Rebecca Copeland, Rob Maesaka and Suzanne Sakahara discussed the history and legacy of Japanese internment, almost 75 years after the executive order that paved the way for it was signed.
Kelly Moffitt | St. Louis Public Radio

Retired Lindenwood University professor Suzanne Sakahara was just six years old when she witnessed two FBI agents enter her house on Vashon Island, Washington, in 1942. They searched the house from top to bottom, looking for hunting rifles and radios for confiscation.

“They even looked in the kitchen at the length of our knives,” Sakahara said on Thursday’s St. Louis on the Air. “If you had too long of a knife, they confiscated it.”

Dick Henmi is a noted St. Louis architect, best known for the so-called "flying saucer" building on Grand, but his journey to St. Louis started during a dark period of American history.
Kelly Moffitt | St. Louis Public Radio

If you don’t know Richard (Dick) Henmi by name, and you probably should, you definitely know one of his most iconic contributions to St. Louis’ architectural assembly: the so-called ‘flying saucer’ building in Council Plaza off of Grand Boulevard. Henmi designed that building in 1967.

Lance Weiss, a CPA with the St. Louis tax and accounting firm SFW Partners, LLC.
Kelly Moffitt | St. Louis Public Radio

Except for the select few of you who have already filed your tax return, you may have started scratching your head and scrambling ahead of that April 18 deadline. Tax season is upon us!

On Wednesday’s St. Louis on the Air, guest host Maria Altman was joined by CPA Lance Weiss who is with the St. Louis tax and accounting firm SFW Partners, LLC, about tax tips you should take into account this season.

The "March March" during True/False Film Fest in 2016 includes the Papier-mâché-d heads of the festival's co-founders Paul Sturtz and David Wilson.
Courtesy Kelly Moffitt

In a “post-truth” era of “alternative facts,” the importance of media literacy, and questioning why different media is made the way that it is, has reemerged in American society.  

Such media literacy values are baked into True/False Film Fest, a four-day mid-Missouri festival devoted solely to documentary filmmaking. This year the festival will take place from March 2-5 and screen some 35 nonfiction films that urge audiences to define the line between real and fake.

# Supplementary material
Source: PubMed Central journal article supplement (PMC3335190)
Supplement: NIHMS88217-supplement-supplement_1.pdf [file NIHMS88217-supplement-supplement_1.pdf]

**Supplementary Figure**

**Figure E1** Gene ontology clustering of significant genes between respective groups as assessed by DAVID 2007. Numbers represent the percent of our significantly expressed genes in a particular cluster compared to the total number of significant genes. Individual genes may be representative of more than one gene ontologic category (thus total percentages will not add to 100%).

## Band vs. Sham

A mock-up of the St. Louis Map Room, a collaborative projec that will open in March, allowing citizens to reconsider the maps and routes of their daily lives through the lens of data.
Courtesy COCA

Take any given day of the week: What route do you take to work? How do you get to the grocery store? What secret, traffic-free pathways do you take to get to school?

Do you remember how you decided which way to go? What to avoid? Have you thought about what subtle factors influenced those decisions?

How does love work in the brain? That's the question psychologist Sandra Langeslag has studied in her laboratory at UMSL.
Kelly Moffitt | St. Louis Public Radio

Psychologist Sandra Langeslag runs  the Neurocognition of Emotion and Motivation Lab at the University of Missouri-St. Louis . The laboratory's research is dedicated to finding out how love works in the brain. On Tuesday, Valentine’s Day, she joined St. Louis on the Air to discuss the science behind those feelings of love (and heartbreak too).

Related: To an UMSL psychologist, love is just a state of mind

A selection of chocolates from The Candy Factory, a candy store highlighted in Deborah Reinhardt's "Delectable Destinations."
The Candy Factory

Happy early Valentine’s Day! We’ve got a delectable present for you ahead of the holiday: an audio guide to Missouri’s chocolate makers.

On Monday’s St. Louis on the Air, Deborah Reinhardt, the author of “Delectable Destinations: A Chocolate Lovers Guide to Missouri,” joined contributor Steve Potter to discuss the stories and creations of more than 20 chocolatiers across the state … including some in St. Louis.

Grace Jo, now an American citizen, defected from North Korea at age six. She's now the vice president of NKinUSA, which advocates for human rights for North Koreans.
Kelly Moffitt | St. Louis Public Radio